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There's some dynamic type checking offered with metalua with -{extension 'types'}. A description of a previous version can be found at

The type description language is fairly rich, with type unions and intersections, parametric and dependent types, intuitive syntax for structures, etc. Types are attached to variables, not values, i.e. if you re-assign a new value to a variable, the value's type will be re-checked. It can obviously be switched off, with -{stat: types.enabled = false}. It also has a namespace handling mechanism, so that you can define as many type declarations, functors etc. as you want without fear that it will interfere with "real" code (type definitions are in;f=src/lib/extension/types-runtime.mlua).

I've also started working on static type inference with a subset of Lua, but that's more for fun than with real hopes for production use: a static Lua would not be Lua anymore, it would rather feel like a weird cousin of Scala. The main interest of that calculus would rather be to experiment with some academic ideas, by making them much cheaper to implement.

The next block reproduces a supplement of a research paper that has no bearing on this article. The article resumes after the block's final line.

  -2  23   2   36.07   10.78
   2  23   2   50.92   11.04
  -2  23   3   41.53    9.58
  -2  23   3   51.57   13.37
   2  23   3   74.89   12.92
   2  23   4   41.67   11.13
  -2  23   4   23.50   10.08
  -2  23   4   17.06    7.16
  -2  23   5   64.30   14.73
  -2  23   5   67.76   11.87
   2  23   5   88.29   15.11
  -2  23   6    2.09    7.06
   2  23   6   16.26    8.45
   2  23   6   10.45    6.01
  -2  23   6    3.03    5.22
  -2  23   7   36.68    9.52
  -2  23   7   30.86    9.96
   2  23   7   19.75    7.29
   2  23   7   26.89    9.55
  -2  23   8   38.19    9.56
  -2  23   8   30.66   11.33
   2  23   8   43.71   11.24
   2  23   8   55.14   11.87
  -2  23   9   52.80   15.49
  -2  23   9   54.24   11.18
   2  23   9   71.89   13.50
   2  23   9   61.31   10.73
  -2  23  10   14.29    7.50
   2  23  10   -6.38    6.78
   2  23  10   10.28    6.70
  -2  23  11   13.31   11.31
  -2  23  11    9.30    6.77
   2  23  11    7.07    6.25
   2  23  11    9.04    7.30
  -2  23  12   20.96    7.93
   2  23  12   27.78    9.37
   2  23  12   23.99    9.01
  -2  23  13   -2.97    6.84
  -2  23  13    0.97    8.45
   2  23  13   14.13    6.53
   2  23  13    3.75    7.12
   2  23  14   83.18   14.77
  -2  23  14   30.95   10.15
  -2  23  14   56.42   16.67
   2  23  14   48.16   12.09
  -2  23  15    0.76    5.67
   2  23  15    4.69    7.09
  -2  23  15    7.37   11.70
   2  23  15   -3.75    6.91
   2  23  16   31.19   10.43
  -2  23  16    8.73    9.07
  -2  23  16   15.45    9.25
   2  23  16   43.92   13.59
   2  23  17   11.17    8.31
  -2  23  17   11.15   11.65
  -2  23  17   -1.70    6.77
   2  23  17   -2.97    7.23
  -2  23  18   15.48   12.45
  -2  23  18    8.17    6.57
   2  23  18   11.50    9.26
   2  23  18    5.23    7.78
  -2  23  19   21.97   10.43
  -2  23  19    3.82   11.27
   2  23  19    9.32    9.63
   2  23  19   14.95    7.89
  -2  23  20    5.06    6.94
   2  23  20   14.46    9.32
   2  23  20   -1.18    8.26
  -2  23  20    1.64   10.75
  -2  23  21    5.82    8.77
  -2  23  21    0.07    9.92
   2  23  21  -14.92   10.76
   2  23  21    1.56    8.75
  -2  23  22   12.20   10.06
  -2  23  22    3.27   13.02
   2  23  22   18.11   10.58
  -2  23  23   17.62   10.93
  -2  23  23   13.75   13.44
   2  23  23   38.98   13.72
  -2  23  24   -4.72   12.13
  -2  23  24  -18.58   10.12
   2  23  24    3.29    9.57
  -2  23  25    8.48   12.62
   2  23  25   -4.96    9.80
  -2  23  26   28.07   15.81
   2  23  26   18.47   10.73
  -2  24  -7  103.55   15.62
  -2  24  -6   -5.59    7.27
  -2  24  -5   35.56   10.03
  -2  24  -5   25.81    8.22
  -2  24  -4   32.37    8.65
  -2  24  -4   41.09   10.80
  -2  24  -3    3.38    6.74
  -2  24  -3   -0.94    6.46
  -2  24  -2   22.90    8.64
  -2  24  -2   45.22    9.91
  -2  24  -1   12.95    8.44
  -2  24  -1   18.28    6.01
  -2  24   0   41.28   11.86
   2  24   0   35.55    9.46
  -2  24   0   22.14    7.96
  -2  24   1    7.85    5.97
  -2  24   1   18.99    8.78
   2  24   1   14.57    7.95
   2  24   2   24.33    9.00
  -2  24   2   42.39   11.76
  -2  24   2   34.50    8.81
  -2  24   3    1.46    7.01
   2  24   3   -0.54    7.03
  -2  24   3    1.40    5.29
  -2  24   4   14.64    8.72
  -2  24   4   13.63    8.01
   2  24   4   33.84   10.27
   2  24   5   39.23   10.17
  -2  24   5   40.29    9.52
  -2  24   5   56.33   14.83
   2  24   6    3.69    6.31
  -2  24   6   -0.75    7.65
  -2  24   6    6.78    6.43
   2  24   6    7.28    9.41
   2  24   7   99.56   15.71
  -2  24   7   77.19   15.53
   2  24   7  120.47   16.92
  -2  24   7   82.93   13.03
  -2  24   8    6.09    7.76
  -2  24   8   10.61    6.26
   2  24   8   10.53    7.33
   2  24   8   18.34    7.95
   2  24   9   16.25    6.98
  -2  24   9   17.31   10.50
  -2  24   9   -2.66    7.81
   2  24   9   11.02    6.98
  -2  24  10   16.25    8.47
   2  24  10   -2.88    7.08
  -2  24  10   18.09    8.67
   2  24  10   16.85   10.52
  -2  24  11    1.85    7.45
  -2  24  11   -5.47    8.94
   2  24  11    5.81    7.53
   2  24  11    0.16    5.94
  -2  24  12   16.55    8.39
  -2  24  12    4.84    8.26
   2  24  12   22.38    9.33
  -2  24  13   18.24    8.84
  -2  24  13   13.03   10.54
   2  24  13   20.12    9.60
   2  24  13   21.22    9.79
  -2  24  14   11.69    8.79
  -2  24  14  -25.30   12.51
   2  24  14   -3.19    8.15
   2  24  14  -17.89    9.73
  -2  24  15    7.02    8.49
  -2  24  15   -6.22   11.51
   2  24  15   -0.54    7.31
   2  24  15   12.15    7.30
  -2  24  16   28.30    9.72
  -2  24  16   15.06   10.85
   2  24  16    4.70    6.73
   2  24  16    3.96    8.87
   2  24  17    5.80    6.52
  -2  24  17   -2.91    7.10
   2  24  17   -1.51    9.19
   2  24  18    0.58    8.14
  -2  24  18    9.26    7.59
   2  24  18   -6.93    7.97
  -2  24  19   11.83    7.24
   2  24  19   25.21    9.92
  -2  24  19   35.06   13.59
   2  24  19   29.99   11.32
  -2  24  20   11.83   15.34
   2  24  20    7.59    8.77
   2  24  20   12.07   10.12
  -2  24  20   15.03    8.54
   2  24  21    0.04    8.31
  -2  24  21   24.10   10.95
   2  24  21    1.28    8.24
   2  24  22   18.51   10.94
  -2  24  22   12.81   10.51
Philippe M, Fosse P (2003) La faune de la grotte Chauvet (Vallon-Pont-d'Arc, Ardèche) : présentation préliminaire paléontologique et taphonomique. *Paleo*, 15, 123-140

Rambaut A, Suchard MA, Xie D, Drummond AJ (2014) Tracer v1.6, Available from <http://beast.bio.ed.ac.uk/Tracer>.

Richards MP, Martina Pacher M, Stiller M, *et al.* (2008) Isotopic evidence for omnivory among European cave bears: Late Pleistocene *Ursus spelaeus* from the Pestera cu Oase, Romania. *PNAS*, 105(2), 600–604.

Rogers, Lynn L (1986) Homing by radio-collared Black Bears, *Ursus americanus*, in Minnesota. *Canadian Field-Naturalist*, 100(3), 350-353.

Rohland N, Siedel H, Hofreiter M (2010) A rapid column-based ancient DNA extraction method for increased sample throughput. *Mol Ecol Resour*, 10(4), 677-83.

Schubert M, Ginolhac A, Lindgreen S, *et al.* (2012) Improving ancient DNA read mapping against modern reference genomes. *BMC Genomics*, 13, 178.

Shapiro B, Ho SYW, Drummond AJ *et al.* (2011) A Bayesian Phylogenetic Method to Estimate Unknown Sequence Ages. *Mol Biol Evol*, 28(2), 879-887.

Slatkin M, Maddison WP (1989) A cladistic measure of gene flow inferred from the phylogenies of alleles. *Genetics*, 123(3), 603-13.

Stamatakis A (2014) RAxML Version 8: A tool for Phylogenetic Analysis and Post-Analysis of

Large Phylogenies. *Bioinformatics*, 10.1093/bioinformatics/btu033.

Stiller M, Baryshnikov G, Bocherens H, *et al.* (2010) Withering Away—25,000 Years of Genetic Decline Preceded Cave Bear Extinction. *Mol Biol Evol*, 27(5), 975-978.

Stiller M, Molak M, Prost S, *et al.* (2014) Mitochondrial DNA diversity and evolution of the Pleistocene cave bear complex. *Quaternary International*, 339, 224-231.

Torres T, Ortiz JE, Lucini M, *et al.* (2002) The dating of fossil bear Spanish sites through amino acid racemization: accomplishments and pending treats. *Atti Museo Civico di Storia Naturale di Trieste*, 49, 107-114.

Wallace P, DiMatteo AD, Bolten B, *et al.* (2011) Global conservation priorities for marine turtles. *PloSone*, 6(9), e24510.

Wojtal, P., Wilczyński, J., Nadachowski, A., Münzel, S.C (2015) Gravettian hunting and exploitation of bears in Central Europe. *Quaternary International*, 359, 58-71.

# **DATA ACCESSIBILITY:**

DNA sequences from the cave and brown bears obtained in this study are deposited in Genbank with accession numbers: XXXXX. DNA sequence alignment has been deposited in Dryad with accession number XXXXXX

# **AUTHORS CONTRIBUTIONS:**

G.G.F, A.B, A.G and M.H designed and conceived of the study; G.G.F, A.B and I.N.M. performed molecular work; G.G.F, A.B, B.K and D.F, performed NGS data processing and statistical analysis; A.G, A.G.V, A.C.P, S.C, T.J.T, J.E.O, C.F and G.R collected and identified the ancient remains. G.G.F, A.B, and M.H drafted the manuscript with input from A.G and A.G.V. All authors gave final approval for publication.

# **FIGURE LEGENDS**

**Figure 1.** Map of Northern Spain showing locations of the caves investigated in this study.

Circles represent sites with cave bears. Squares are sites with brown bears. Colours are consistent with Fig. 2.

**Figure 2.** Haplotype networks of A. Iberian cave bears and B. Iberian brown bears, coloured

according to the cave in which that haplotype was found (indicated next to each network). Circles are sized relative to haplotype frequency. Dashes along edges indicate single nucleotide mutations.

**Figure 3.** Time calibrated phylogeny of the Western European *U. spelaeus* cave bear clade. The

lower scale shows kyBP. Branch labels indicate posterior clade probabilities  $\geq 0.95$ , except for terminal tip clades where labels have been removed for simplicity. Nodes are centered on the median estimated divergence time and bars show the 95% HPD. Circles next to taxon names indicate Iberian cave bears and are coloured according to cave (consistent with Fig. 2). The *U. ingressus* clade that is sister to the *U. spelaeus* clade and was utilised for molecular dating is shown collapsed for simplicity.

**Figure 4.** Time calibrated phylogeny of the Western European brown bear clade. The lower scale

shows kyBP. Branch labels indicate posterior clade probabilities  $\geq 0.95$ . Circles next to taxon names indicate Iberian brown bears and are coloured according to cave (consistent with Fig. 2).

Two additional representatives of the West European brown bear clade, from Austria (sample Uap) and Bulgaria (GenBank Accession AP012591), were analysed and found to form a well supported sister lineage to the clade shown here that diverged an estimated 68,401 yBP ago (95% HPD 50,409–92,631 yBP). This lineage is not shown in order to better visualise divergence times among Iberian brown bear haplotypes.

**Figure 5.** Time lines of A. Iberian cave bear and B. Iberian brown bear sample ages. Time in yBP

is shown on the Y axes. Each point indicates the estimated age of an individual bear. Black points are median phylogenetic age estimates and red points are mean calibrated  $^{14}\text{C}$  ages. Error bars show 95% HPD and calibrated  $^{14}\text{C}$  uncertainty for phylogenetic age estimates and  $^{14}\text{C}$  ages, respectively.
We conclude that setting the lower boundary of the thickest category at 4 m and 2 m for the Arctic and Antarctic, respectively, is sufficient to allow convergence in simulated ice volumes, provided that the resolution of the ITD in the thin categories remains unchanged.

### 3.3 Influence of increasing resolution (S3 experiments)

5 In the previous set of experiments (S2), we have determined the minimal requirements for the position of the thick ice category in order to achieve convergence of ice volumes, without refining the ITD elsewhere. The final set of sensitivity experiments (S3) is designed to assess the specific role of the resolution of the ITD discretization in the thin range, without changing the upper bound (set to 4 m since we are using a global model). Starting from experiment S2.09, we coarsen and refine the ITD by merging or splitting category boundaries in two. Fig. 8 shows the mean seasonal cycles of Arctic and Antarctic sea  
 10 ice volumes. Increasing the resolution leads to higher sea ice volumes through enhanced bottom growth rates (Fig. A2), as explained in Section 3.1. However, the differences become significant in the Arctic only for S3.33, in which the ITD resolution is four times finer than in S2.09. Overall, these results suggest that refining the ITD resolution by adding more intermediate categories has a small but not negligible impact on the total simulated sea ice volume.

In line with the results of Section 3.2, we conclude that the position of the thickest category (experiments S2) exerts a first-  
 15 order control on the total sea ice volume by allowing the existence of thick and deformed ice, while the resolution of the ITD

Another track, which seems most promising to me, would be to design some super-lint: static code analysis that raises warnings on suspicious stuff, yet lets you compile them, advises you to protect this and that with dynamic checks, etc. The kind of tool taht would go in a pre-commit hook. I think that static type inference reached its optimal helpfulness with Haskell, we need to explore other approaches if we hope to ever do better. Almost-trivial checks like global vars usage and type-checking of native functions would be an easy first step.

You can play and add typing errors in;f=src/samples/types_test.mlua to see how they are caught:
-{ extension "types" }
-{ extension "clist" }

-- Uncomment this to turn typechecking code generation off:
-- -{stat: types.enabled=false}

function sum (x :: table(number)) :: number
local acc :: number = 0
for i=1, #x do
acc = acc + x[i]
return acc

x = { i for i=1,100 }
y = sum (x)
printf ("sum 1 .. %i = %i", #x, y)